Supplements won't help lower risk, and neither will CT scans, guide says
MONDAY, Sept.10 (HealthDay News) -- People, especially smokers, should not rely on vitamin and mineral supplements to prevent lung cancer, say members of the American College of Chest Physicians in their second annual guide to lung cancer prevention, care and treatment.
The new evidence-based guidelines also include a strong statement opposing the use of low-dose CT scans for the general screening of lung cancer.
Lung cancer is the leading cause of cancer death in the United States. More people die from lung cancer than from colon, breast, prostate and pancreatic cancer combined.
"Each year, great strides are made in the diagnosis and treatment of lung cancer, allowing patients with the disease to live longer and increase the quality of their lives. However, the real culprit behind lung cancer is tobacco," Dr. Mark J. Rosen, president of the American College of Chest Physicians (ACCP), said in a prepared statement. "Avoiding tobacco is the key to preventing most forms of lung cancer. Until we eliminate tobacco use completely, we will continue to deal with its devastating health consequences."
Published as a supplement to the September issue of the college's journal Chest, the guidelines note there is little evidence to show lung cancer screening changes the outcome for patients, including those considered to be at high risk.
"Even in high-risk populations, currently available research data do not show that lung cancer screening alters mortality outcomes," Dr. W. Michael Alberts, chairman of the ACCP lung cancer guidelines, said in a prepared statement. "We hope that, one day, we can find a useful and accurate tool for general lung cancer screening but, at this time, the evidence does not support the use of LDCT screening."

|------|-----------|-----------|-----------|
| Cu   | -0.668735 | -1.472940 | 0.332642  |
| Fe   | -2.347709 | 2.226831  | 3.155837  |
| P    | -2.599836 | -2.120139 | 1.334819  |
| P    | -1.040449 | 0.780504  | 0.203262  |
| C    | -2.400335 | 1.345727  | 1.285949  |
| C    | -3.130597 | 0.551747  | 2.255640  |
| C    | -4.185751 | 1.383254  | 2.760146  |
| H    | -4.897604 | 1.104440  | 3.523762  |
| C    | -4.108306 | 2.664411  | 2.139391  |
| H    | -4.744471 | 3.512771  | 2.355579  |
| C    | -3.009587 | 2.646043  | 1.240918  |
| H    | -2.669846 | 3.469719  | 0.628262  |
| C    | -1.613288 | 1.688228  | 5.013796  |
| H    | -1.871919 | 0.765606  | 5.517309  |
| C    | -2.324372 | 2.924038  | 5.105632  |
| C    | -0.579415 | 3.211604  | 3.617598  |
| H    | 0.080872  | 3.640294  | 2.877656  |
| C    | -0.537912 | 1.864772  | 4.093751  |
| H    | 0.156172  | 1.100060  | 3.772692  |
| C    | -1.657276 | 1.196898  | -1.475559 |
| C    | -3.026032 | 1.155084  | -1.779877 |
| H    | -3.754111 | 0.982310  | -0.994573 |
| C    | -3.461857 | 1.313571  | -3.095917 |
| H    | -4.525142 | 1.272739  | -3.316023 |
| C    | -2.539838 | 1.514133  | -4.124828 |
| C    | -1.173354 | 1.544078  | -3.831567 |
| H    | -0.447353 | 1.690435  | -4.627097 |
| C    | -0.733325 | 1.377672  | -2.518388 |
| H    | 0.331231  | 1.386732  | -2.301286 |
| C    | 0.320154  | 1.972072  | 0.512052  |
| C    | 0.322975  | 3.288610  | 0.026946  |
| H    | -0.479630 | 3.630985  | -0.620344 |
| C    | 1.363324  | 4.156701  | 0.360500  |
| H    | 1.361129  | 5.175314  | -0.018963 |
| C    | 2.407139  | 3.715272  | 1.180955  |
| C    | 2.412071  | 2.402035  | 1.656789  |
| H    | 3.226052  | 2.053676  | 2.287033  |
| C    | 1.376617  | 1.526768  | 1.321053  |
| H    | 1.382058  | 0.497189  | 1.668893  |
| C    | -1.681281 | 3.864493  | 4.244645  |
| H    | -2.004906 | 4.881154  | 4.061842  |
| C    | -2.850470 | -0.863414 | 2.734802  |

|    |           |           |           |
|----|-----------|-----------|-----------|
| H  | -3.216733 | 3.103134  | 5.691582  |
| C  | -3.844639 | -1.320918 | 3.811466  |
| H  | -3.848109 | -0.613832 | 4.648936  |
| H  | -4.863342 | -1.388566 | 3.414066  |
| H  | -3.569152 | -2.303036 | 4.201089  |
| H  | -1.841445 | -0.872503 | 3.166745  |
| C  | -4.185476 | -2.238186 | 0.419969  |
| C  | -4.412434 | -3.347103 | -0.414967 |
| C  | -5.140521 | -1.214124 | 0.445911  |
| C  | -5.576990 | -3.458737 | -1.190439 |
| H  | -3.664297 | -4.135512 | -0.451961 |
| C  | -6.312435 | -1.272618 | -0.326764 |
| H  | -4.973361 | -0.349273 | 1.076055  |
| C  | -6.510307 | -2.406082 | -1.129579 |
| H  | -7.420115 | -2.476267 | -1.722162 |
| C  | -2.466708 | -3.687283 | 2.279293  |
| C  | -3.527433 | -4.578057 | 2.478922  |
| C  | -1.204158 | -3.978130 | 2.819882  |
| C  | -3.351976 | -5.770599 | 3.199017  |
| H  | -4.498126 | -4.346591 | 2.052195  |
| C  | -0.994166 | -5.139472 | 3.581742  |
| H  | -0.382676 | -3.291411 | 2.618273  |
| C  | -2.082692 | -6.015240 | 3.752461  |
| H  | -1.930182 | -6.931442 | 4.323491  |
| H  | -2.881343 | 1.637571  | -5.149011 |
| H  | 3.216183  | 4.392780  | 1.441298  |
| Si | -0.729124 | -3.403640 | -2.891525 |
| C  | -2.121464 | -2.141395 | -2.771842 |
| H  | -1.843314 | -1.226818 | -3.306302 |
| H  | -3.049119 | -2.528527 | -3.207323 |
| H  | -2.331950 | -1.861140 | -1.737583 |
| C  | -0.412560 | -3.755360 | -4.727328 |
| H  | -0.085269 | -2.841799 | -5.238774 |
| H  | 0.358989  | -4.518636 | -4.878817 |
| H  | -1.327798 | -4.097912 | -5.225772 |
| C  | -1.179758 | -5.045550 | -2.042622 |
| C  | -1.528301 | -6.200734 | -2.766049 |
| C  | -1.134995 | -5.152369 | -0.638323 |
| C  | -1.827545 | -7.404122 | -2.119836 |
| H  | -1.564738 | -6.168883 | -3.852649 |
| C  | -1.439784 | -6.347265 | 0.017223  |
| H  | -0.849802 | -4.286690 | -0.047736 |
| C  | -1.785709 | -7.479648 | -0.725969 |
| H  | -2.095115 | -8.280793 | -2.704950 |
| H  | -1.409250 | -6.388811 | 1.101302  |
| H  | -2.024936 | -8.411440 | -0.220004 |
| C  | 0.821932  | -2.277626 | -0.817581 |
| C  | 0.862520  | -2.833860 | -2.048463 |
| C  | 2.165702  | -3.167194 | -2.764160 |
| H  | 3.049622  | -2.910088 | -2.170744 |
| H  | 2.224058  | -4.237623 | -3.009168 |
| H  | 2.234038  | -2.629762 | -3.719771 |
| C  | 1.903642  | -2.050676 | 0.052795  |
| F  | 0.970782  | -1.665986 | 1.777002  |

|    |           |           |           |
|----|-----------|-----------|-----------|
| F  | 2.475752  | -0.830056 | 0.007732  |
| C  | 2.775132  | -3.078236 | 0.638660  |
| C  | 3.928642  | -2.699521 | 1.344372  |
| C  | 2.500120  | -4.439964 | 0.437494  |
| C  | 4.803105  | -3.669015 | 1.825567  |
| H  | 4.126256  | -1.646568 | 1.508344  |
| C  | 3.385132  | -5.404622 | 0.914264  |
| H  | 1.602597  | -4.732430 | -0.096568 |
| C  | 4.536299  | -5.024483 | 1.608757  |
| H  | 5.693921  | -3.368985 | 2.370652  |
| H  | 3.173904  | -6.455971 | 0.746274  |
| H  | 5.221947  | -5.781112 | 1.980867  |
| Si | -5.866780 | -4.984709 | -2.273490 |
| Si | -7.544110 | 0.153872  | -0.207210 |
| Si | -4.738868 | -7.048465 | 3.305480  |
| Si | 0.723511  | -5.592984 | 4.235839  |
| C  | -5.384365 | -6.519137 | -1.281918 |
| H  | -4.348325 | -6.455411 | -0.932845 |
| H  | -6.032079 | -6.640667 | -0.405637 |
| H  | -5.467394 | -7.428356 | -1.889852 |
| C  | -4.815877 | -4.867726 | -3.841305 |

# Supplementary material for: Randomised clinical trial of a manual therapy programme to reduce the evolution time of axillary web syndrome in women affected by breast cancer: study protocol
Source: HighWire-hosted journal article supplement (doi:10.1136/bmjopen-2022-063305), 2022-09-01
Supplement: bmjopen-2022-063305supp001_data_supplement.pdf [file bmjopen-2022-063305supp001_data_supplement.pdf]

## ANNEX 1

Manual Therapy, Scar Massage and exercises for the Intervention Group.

This is the second edition of Diagnosis and Management of Lung Cancer: ACCP Evidence-Based Clinical Practice Guidelines. The guide contains 260 recommendations, including a review of complementary and integrative therapy for the prevention and treatment of lung cancer.
Due to the lack of supporting evidence, the guidelines recommend against the use of LDCT, chest X-rays or single or serial sputum cytologic evaluation for lung cancer screening in the general population, including smokers or others at high risk. The exceptions are for patients in well-designed clinical trials.
"Population screening for lung cancer is not recommended and may, ultimately, put the patient at risk for further complications," Dr. Gene L. Colice, vice chairman of the ACCP lung cancer guidelines, said in a prepared statement. "Nodules are commonly found during screening; however, to determine whether they are cancerous requires additional testing, which is fairly invasive and extensive. This may cause the patient needless risk, both physically and psychologically."
In terms of prevention, the guidelines recommend against the use of several common supplements and medications in at-risk patients or those with a history of lung cancer. Beta carotene tops the list of supplements that the ACCP recommends against. According to the data, there is a actually a higher incidence of lung cancer in people who use these supplements.
Other supplement recommendations:
This is also the first edition of the guidelines to include recommendations on techniques that can help reduce the anxiety, mood disturbances and chronic pain associated with cancer.
Massage therapy is recommended as a way to reduce anxiety and pain.
Acupuncture is recommended for patients experiencing fatigue, dyspnea and chemo-induced neuropathy. Acupuncture is also recommended for people whose nausea, vomiting or pain is poorly controlled.
Electrostimulation wristbands are not recommended for managing chemo-induced nausea or vomiting. Studies show they do little to delay nausea or vomiting.
A multidisciplinary group of 100 pulmonologists, medical oncologists, radiation oncologists, thoracic surgeons and other health professionals reviewed the 260 recommendations.
To learn about lung cancer, visit the U.S. Centers for Disease Control and Prevention.
-- Madeline Vann
SOURCE: Chest, news release, Sept. 10, 2007
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